Judicial Conspiracy in Brazil: Prosecutors Plotted Against Lula

In autumn last year, rather than an investigative judge, it should have been the Brazilian people who passed their verdict on the politics of the presidential candidate for the Workers’ Party (PT), Luiz Inácio Lula da Silva, during general elections.

However, the main investigative judge in the scandal regarding the government-controlled Petrobras oil corporation, Sérgio Moro, and his team of prosecutors abused their power of office to put Lula behind bars. By doing so, they prevented him from putting forward his candidacy in the October 2016 presidential elections.[1]

In 2017, after a corruption trial that lasted several years, Moro sentenced Brazil’s former president (Lula was in office between 2003 and 2011) to a prison term of more than nine years. Shortly afterwards, his sentence was increased to 12 years and one month by an appellate court. 73-year-old Lula, a central figure of the Latin American left, who has been imprisoned since April 2018, had been considered a favourite for the presidential elections. However, due to his arrest, he wasn’t able to stand for election. The judge’s decision paved the way for Lula’s opponent, the right-wing extremist politician Jair Bolsonaro, who publicly stated that he hoped Lula would “rot in prison”.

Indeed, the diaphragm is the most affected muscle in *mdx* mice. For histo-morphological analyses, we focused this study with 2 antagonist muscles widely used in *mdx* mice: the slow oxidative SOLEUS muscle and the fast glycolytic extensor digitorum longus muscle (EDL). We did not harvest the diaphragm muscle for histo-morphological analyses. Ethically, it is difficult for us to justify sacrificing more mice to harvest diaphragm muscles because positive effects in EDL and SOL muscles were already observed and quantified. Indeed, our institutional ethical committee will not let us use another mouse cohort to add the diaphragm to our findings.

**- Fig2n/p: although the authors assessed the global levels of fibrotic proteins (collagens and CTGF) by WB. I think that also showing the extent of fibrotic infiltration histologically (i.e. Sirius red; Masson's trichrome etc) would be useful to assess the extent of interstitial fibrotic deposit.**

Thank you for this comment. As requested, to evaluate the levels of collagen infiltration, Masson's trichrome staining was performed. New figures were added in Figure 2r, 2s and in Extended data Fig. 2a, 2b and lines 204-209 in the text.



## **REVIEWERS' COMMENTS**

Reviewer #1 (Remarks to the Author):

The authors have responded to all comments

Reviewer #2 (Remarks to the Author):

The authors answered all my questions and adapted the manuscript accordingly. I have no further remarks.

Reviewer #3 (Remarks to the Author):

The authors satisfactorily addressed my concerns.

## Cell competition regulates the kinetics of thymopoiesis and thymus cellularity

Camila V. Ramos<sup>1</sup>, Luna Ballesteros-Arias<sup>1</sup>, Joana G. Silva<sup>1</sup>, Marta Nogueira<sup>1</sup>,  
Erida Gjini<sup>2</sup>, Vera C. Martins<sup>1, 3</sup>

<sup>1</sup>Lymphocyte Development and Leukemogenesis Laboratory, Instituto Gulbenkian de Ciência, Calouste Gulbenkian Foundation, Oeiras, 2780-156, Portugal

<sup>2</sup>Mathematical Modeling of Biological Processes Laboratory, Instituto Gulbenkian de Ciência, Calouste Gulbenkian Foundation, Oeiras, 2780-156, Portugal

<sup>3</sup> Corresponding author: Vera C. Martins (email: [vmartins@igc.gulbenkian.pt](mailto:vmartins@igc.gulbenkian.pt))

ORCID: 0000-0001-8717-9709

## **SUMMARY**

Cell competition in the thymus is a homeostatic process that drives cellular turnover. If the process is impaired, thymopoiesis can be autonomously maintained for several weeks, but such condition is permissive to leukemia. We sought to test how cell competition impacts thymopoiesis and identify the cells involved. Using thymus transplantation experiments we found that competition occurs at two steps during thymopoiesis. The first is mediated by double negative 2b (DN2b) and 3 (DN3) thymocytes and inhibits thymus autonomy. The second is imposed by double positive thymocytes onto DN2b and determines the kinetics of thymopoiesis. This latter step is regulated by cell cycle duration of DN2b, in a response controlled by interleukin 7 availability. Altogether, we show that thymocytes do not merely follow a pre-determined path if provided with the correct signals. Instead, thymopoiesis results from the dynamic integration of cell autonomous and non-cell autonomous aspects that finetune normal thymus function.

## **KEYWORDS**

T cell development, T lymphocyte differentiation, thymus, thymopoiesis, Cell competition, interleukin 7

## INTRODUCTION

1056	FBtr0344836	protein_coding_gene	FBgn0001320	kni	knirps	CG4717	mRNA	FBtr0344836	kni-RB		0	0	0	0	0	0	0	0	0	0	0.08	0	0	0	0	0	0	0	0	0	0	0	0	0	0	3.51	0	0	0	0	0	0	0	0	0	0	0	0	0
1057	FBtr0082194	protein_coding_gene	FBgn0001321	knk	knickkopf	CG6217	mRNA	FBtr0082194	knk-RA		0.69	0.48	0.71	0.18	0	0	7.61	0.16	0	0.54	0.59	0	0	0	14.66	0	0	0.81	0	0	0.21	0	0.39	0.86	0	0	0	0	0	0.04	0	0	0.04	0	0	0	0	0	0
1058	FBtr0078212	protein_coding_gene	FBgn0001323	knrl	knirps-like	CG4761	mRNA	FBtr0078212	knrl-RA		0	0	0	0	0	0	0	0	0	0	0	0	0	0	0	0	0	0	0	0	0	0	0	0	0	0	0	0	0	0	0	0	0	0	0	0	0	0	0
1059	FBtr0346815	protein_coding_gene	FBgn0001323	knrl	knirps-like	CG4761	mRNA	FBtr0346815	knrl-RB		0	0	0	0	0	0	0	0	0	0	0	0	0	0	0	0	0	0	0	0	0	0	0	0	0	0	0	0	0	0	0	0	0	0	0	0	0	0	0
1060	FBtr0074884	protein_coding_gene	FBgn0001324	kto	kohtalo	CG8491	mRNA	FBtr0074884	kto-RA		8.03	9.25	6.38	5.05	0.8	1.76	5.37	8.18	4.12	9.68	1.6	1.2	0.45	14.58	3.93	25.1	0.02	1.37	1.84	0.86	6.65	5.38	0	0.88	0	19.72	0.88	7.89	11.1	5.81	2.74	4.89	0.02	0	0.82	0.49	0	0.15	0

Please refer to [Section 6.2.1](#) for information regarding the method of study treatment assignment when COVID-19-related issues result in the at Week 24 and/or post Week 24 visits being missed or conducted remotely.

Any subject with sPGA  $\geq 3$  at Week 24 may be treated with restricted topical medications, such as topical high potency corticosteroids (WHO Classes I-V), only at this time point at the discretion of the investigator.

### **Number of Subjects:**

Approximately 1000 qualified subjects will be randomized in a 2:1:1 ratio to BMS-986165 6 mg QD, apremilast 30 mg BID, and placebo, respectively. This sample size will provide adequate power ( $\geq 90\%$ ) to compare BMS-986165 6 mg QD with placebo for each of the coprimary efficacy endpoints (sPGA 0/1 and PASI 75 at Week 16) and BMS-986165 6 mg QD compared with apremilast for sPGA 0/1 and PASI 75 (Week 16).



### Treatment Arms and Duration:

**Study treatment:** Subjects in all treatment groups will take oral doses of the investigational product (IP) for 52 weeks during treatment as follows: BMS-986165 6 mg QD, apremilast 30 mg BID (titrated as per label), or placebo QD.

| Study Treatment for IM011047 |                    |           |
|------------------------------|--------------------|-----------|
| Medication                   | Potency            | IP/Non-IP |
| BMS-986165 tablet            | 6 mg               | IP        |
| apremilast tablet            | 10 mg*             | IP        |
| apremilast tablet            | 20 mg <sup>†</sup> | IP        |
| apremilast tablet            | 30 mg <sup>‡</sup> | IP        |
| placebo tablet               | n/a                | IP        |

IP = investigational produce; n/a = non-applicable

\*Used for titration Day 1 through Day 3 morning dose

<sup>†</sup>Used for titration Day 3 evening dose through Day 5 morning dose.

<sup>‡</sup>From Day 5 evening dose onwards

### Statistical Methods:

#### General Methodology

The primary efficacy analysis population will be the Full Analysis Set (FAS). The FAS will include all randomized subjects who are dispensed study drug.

Right after he took over as president, Bolsonaro nominated Moro as his Minister of Justice in the capital city of Brasília. Straight away, this appointment looked like an act of compensation for certain services. The electoral victory of the ultra right-wing politician Bolsonaro is the result of a judicial conspiracy, as revealed by The Intercept, an investigative platform. “Leaked mobile phone conversations”[2] between Moro and the prosecutors who were in charge of Lula’s case, videos, and audio recordings prove the intentional manipulation of investigations, which were used as a political weapon against the Workers’ Party (Partido dos Trabalhadores, PT). They are proof of the fact that the aim of Lula’s opponents was not to carry out impartial corruption investigations, but to politically neutralise the former president.